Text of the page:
IF OUR RESPONSE to criticism of this country's work ethic is simply to get mad, we will undoubtedly misdirect our energy and rage at the Japanese competitive challenge, rather than meet it. Our challenge is not to look at ourselves through the imperfect prism of Japanese criticism, but to find ways to work smarter.
Without getting hung up on what the Japanese prime minister said, isn't it true that we are producing too few engineers and basic research scientists and too many lawyers and accountants and MBAs? Have we really mastered all there is to learn from the Japanese-inspired rethinking of business management techniques? Aren't too many of our companies still based on the old mindless industrial model, rather than a collaborative approach? Aren't we neglecting long-term investment in research and development capacity and in infrastructure, and didn't the president's State of the Union speech carry this pattern to new extremes? Don't our schools, especially the K-12 system, still leave too much to chance on science and math education?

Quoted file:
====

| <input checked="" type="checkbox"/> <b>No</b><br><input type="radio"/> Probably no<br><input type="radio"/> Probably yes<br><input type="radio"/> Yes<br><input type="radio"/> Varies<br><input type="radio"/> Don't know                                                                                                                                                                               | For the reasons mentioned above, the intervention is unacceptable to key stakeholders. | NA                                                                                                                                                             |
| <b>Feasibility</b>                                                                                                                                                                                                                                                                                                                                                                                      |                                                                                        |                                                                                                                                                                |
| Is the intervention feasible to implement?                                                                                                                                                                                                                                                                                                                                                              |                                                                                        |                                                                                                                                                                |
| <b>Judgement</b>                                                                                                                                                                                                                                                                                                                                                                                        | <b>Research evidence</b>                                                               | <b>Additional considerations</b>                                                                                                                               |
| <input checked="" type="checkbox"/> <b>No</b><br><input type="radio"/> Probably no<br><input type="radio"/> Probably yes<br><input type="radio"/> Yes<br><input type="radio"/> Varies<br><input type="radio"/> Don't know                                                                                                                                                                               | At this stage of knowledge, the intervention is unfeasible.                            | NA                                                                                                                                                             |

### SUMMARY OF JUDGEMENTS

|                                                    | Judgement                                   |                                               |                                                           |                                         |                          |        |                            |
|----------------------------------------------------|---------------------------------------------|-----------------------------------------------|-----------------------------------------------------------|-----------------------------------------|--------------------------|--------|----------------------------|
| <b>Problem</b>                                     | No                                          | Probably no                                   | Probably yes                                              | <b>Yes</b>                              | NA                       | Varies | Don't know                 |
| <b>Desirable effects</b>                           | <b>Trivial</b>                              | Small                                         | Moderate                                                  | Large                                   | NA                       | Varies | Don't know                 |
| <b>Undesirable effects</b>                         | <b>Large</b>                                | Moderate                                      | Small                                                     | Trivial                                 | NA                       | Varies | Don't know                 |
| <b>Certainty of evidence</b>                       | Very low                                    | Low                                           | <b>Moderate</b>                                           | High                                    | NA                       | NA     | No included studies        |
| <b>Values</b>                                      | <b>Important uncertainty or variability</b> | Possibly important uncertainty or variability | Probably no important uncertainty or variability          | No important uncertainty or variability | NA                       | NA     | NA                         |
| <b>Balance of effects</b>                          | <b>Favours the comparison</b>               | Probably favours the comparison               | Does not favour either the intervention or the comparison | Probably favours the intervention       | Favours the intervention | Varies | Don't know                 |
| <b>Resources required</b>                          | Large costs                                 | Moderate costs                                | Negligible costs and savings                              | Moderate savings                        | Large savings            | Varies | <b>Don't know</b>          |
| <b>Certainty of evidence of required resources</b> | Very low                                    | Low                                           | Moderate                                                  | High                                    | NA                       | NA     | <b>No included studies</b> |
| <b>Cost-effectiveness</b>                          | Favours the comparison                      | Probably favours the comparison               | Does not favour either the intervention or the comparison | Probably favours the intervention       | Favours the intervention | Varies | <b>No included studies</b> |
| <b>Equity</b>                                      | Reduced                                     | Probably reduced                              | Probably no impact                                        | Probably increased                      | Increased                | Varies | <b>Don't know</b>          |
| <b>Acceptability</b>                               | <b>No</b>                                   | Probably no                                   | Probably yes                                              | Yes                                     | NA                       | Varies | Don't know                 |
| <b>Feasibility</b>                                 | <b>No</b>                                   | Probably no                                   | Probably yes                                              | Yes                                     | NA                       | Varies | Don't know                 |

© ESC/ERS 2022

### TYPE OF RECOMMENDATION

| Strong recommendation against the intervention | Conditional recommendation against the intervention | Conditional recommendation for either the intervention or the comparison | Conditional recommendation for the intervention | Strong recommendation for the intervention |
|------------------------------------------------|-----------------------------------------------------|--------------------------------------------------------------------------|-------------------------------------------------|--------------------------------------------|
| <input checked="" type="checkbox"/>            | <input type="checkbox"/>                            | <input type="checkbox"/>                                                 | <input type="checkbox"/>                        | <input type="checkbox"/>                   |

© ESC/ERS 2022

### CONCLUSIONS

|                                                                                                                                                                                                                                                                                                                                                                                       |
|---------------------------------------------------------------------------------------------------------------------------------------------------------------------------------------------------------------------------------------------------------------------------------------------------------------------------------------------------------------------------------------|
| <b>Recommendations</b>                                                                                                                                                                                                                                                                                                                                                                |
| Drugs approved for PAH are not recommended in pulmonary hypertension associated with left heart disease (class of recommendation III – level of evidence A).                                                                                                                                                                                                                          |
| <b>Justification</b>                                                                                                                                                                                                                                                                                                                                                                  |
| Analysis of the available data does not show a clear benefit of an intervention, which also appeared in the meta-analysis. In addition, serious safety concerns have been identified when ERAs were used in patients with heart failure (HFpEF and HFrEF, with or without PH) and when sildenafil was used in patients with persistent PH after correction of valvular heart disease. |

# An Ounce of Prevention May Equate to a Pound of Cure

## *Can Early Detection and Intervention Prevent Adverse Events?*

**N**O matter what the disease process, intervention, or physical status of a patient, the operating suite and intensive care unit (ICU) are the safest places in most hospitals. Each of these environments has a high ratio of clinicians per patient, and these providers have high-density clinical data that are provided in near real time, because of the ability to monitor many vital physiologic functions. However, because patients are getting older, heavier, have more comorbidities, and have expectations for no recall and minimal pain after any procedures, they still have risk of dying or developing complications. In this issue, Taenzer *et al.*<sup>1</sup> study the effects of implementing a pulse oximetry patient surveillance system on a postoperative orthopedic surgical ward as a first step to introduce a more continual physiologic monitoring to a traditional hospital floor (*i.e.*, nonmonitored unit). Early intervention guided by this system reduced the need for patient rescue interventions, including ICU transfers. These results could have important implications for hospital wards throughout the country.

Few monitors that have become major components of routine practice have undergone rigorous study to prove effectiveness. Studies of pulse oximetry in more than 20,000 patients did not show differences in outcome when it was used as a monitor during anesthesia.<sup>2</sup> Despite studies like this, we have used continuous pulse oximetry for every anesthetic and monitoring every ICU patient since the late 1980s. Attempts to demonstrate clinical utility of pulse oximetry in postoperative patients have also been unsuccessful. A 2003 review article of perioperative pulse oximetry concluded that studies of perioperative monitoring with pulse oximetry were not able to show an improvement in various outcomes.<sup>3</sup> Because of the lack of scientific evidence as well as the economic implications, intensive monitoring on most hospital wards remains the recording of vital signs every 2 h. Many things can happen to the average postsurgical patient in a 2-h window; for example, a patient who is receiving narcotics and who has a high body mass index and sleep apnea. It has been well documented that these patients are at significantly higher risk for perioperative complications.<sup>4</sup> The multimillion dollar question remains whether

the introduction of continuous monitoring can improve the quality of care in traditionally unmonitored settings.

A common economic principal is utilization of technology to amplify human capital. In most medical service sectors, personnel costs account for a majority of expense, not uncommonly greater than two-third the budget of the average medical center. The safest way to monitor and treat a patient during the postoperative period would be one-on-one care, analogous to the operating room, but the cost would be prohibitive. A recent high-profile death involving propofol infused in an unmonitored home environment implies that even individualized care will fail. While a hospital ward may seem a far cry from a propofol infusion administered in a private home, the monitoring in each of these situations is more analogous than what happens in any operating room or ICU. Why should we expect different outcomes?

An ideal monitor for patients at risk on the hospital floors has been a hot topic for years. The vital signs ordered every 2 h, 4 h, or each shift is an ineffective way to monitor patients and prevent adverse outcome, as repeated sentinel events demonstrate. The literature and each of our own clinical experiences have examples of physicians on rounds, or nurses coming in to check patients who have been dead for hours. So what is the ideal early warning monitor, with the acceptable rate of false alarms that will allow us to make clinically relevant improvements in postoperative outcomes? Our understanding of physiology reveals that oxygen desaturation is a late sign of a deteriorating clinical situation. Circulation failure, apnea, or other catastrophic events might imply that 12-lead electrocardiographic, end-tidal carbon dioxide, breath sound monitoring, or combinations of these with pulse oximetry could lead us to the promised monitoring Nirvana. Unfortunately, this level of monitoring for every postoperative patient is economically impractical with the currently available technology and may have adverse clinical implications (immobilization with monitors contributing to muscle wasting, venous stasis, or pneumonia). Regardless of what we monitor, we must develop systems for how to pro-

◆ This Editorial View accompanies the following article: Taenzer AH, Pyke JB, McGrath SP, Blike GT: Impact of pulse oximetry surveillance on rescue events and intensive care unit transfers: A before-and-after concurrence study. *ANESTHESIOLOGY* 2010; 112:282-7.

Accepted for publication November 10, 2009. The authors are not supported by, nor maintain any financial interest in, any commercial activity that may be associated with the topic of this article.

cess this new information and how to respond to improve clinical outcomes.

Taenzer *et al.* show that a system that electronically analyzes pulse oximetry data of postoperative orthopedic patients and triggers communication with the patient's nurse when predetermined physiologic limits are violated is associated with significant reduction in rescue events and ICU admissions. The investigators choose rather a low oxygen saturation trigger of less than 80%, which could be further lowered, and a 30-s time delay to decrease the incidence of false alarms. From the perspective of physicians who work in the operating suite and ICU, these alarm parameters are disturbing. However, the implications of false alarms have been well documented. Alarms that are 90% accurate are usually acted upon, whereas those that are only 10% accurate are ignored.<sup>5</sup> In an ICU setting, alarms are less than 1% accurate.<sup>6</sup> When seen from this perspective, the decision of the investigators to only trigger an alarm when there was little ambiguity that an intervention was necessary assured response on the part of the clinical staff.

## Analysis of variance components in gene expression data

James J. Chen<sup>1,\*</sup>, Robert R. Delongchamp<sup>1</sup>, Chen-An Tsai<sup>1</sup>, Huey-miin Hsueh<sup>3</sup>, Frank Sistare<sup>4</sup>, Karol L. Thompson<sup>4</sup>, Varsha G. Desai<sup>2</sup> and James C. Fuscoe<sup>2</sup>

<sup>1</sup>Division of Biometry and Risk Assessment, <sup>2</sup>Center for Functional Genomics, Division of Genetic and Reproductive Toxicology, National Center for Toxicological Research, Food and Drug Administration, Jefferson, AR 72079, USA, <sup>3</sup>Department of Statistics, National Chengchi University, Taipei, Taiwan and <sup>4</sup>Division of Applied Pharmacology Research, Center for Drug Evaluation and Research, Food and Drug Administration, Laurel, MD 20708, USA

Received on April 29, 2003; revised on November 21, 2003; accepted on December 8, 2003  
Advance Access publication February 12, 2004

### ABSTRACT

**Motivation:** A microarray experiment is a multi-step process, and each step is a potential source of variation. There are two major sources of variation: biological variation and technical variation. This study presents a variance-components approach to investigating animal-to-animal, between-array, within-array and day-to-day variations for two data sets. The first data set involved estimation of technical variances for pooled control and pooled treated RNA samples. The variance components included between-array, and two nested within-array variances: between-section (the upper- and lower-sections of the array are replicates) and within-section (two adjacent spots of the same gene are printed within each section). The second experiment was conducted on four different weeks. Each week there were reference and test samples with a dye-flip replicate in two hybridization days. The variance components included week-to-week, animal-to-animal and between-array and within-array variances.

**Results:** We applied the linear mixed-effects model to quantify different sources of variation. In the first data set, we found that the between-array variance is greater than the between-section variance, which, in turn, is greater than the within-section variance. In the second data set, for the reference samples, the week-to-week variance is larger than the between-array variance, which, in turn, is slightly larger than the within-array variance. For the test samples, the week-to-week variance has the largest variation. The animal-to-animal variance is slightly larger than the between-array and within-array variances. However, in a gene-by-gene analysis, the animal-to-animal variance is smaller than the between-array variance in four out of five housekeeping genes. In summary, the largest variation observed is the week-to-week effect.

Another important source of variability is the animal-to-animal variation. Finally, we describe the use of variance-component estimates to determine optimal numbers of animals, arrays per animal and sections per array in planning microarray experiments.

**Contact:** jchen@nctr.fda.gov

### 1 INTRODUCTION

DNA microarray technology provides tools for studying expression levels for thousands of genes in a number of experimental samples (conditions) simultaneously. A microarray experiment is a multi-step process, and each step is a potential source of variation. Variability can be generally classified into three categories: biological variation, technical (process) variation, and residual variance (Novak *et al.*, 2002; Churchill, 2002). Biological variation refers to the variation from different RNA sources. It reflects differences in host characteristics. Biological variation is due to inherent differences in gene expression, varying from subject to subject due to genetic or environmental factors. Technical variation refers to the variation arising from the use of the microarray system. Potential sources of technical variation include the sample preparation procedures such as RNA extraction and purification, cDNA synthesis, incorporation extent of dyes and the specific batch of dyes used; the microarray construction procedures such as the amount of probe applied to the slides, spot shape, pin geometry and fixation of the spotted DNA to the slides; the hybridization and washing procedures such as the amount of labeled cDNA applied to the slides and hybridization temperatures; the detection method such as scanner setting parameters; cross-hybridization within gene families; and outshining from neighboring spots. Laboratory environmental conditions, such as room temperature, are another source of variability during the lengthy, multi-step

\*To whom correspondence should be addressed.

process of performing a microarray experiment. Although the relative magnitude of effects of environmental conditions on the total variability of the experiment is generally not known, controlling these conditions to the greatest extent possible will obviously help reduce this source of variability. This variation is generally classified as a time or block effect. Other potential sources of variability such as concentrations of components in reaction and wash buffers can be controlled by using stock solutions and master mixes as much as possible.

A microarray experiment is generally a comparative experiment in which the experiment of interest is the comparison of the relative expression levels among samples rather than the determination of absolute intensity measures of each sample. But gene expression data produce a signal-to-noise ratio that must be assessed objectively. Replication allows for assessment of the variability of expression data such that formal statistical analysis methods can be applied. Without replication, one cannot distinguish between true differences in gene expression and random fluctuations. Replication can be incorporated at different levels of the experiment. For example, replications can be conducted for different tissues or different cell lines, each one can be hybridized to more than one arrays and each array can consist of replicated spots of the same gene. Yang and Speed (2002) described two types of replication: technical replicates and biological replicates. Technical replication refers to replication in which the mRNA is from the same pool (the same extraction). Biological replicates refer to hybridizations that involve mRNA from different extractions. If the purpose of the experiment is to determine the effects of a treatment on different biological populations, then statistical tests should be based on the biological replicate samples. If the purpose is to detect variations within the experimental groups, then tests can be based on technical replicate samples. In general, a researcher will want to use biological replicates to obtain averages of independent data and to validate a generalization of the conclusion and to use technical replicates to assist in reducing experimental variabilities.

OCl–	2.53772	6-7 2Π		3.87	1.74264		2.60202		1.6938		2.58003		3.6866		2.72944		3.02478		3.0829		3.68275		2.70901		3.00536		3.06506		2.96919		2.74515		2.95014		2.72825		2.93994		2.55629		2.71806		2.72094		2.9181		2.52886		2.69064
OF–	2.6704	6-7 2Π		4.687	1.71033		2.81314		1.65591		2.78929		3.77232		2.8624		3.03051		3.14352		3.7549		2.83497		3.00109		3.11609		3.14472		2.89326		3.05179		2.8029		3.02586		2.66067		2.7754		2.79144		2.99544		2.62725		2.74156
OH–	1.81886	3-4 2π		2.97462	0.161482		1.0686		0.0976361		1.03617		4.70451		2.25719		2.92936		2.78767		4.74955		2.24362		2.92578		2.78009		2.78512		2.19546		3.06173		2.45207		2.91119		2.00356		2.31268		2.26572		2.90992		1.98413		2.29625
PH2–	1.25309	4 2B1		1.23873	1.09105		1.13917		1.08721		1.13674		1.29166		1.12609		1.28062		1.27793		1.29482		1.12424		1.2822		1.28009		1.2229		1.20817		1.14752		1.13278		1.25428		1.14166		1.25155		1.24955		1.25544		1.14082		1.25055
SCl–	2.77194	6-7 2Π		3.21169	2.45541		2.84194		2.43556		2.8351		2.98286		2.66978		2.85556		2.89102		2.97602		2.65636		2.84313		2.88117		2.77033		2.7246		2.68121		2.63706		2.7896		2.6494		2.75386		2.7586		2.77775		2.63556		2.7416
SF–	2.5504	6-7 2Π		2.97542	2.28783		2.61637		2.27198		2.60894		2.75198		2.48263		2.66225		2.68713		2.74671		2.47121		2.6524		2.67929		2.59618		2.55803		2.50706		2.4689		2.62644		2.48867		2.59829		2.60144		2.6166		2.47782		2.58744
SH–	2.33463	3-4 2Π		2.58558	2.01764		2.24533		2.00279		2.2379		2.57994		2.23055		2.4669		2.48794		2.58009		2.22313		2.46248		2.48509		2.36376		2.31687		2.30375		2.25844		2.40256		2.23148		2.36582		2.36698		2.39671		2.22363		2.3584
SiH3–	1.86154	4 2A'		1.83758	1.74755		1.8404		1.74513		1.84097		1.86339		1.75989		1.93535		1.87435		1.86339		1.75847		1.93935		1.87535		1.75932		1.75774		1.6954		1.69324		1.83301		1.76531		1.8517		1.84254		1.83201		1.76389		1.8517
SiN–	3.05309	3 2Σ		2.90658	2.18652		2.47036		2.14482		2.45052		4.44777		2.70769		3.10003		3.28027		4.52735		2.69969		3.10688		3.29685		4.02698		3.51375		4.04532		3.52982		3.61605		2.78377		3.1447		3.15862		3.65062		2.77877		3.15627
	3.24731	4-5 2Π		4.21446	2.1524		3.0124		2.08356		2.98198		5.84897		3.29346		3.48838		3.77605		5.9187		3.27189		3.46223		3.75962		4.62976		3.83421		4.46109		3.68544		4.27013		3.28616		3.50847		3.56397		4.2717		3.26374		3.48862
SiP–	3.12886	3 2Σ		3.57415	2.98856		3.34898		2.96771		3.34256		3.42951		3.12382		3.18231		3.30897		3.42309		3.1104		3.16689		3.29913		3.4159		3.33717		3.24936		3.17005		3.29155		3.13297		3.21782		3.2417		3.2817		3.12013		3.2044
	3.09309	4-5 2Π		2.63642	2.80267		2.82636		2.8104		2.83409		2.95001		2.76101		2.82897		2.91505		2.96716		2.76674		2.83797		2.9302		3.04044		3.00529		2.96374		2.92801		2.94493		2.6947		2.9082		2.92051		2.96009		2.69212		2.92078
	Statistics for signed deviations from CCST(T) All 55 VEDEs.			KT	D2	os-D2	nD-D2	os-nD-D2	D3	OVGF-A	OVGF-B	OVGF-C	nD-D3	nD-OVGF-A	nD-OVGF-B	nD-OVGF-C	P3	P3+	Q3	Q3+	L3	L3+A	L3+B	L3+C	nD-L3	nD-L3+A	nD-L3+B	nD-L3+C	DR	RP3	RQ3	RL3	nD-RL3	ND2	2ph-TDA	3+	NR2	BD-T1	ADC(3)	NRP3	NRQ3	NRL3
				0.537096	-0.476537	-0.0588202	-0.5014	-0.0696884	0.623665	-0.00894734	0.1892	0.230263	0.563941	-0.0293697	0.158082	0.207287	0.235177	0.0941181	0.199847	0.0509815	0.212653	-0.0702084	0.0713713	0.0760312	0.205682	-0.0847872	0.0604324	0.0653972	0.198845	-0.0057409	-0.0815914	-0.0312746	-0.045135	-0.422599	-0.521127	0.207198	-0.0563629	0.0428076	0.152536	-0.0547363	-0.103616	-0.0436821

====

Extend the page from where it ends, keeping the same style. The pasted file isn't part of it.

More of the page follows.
Trade policies are important to us, and we need to be tough-minded, albeit not protectionist, as we try to sell to the Japanese as well as buy from them. But if Japan eliminated every barrier to every segment of the Japanese market tomorrow, we would still have miles to go before we could sleep. America's real challenge is to make sure our basic industries survive by assuring that they become the best in the world and that Americans who are willing to work hard and smart get the tools to show that they are the best.